A parallel domain decomposition algorithm for coastal ocean circulation models based on integer linear programming
- 133 Downloads
This paper presents a new parallel domain decomposition algorithm based on integer linear programming (ILP), a mathematical optimization method. To minimize the computation time of coastal ocean circulation models, the ILP decomposition algorithm divides the global domain in local domains with balanced work load according to the number of processors and avoids computations over as many as land grid cells as possible. In addition, it maintains the use of logically rectangular local domains and achieves the exact same results as traditional domain decomposition algorithms (such as Cartesian decomposition). However, the ILP decomposition algorithm may not converge to an exact solution for relatively large domains. To overcome this problem, we developed two ILP decomposition formulations. The first one (complete formulation) has no additional restriction, although it is impractical for large global domains. The second one (feasible) imposes local domains with the same dimensions and looks for the feasibility of such decomposition, which allows much larger global domains. Parallel performance of both ILP formulations is compared to a base Cartesian decomposition by simulating two cases with the newly created parallel version of the Stevens Institute of Technology’s Estuarine and Coastal Ocean Model (sECOM). Simulations with the ILP formulations run always faster than the ones with the base decomposition, and the complete formulation is better than the feasible one when it is applicable. In addition, parallel efficiency with the ILP decomposition may be greater than one.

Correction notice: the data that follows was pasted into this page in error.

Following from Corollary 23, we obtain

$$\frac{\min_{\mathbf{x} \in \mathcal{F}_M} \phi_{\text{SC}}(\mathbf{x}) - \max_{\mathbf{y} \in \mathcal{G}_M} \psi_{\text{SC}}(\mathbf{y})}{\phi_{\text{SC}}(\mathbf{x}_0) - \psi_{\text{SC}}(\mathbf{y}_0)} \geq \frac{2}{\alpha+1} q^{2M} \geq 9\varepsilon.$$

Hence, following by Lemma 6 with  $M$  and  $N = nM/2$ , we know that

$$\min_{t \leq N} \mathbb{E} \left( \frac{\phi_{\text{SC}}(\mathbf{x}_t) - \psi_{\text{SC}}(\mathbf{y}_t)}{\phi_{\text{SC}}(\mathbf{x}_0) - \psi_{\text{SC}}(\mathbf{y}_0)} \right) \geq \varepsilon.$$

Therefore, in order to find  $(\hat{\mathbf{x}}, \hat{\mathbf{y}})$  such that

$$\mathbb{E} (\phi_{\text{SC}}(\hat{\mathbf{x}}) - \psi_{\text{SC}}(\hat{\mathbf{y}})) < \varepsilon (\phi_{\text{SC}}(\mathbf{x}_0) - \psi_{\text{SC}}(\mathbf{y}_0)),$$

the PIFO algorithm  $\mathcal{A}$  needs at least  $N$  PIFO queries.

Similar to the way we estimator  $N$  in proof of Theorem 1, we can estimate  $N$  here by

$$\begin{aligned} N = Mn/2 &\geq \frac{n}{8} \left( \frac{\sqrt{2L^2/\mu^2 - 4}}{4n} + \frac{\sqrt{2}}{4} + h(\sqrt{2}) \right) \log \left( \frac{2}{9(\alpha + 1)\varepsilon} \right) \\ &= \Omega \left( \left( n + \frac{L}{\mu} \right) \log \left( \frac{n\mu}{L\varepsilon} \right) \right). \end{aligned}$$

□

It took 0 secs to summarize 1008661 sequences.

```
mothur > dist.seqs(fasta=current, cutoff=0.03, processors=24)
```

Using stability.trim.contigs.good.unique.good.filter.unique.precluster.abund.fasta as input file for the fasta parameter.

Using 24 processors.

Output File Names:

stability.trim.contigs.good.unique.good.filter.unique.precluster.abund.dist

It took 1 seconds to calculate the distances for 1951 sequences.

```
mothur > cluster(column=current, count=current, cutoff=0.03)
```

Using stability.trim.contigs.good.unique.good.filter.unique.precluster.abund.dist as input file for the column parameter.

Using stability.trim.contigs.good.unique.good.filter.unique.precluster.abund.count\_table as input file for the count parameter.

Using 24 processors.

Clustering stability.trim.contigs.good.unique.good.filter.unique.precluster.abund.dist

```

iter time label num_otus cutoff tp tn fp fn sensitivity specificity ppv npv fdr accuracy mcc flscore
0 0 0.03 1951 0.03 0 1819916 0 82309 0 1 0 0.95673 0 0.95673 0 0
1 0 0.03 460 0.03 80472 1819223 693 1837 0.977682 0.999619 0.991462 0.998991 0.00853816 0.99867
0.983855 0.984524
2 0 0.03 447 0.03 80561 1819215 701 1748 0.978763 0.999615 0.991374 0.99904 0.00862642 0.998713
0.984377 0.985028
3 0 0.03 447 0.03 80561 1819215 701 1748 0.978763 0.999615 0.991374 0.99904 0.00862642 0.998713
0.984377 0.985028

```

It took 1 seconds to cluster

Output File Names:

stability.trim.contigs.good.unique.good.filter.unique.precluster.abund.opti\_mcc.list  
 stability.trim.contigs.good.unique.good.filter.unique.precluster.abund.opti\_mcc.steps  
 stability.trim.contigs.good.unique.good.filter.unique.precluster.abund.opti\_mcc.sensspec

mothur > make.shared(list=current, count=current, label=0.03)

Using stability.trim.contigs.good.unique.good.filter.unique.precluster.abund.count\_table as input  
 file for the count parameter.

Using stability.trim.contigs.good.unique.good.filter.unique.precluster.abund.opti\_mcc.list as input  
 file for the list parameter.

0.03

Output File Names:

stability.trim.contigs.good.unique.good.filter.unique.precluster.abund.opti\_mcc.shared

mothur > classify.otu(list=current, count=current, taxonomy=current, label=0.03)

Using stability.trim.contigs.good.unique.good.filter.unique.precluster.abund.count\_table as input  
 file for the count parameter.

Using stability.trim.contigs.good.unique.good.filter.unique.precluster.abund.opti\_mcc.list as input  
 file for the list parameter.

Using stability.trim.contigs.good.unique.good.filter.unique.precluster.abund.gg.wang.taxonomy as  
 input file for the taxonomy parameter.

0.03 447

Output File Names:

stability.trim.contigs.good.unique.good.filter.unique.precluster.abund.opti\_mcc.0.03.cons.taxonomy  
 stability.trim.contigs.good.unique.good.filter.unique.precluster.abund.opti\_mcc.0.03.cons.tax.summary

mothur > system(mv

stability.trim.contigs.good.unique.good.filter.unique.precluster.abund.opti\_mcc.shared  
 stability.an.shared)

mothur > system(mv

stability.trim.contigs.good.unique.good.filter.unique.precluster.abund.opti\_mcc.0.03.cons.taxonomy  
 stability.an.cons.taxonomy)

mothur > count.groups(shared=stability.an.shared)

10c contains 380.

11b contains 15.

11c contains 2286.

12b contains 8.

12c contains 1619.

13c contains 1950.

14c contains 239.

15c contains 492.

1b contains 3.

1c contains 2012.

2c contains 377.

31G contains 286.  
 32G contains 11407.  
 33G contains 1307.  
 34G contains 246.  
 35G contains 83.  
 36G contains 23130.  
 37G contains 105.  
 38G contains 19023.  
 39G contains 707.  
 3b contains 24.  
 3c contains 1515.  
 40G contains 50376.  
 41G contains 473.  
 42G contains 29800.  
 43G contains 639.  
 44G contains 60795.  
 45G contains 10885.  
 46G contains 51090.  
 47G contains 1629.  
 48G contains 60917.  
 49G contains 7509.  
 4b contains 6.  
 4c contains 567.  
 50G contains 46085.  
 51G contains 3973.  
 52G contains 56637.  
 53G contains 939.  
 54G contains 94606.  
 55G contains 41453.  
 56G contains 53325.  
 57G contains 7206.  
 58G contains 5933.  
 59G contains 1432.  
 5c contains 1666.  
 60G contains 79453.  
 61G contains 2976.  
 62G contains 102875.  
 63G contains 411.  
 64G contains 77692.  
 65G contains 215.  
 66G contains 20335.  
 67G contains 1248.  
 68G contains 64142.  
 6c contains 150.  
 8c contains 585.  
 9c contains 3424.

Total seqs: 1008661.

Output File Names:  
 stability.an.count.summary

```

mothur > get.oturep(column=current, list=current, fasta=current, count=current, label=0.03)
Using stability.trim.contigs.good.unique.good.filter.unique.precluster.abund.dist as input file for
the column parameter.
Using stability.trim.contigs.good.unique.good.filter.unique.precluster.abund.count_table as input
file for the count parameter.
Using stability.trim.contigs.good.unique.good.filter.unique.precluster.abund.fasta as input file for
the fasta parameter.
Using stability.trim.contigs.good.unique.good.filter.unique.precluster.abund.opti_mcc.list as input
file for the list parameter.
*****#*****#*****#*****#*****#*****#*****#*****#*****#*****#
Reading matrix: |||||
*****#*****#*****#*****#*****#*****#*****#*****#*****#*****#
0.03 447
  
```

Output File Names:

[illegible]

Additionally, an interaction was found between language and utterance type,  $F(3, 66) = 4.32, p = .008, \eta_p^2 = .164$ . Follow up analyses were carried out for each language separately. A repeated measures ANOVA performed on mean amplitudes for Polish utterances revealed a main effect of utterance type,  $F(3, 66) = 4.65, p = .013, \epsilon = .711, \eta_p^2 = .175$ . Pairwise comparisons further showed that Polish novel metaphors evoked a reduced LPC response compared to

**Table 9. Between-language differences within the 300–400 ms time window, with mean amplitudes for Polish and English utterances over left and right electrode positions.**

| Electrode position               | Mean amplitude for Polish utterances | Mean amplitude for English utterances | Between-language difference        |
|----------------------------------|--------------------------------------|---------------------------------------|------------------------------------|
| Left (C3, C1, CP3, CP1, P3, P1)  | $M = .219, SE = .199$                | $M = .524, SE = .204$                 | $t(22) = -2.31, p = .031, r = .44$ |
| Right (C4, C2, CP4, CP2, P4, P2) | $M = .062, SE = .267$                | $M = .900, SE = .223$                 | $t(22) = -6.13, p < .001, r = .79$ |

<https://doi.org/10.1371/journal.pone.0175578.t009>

KeywordsCoastal ocean circulation model Parallel computing Domain decomposition Integer linear programming Urban ocean ECOM
This work was partially funded by a research task agreement entered between the Trustees of the Stevens Institute of Technology and the Port Authority of New York and New Jersey, effective August 19, 2014. The authors would like to acknowledge the unwavering support of Mr. David Dodd, Vice President for Information Technology and CIO at Stevens Institute of Technology. We would also like to thank Karen Swift, Kevin Ying, Joe Formoso, David Runnels, Kurt Hockenbury, and James Cunningham, for their assistance with the Pharos Hyperscale Supercomputing Facility.
- Dennis JM (2007) Inverse space-filling curve partitioning of a global ocean model. Parallel and Distributed Processing Symposium, 2007 IPDPS 2007 I.E. International, IEEE, pp 1–10Google Scholar
- Dunning I, Huchette J and Lubin M (2015) Jump: a modeling language for mathematical optimization. arXiv preprint arXiv:150801982Google Scholar
- Georgas N and Blumberg AF (2010) Establishing confidence in marine forecast systems: the design and skill assessment of the New York Harbor observation and prediction system, version 3 (NYHOPS v3). 11th International Conference in Estuarine and Coastal Modeling (ECM11) Spalding, ML, Ph D, PE, American Society of Civil Engineers, Washington, pp 660–685Google Scholar
- Georgas N, Blumberg AF, Herrington TO (2007) An operational coastal wave forecasting model for New Jersey and Long Island waters. Shore and Beach 75:30Google Scholar
- Georgas N, Blumberg AF, Bruno MS and Runnels DS (2009) Marine forecasting for the New York urban waters and harbor approaches: the design and automation of NYHOPS. 3rd International Conference on Experiments/Process/System Modelling/Simulation & Optimization Demos T Tsahalis, Ph D, University of Patras, Greece, pp 345–352Google Scholar
- Leung JY (2004) Handbook of scheduling: algorithms, models, and performance analysis. CRC Press, Boca RatonGoogle Scholar
- Orton P, Georgas N, Blumberg A, Pullen J (2012) Detailed modeling of recent severe storm tides in estuaries of the New York city region. J Geophys Res Oceans (1978–2012) 117Google Scholar
- Sierksma G (2001) Linear and integer programming: theory and practice. CRC Press, Boca RatonGoogle Scholar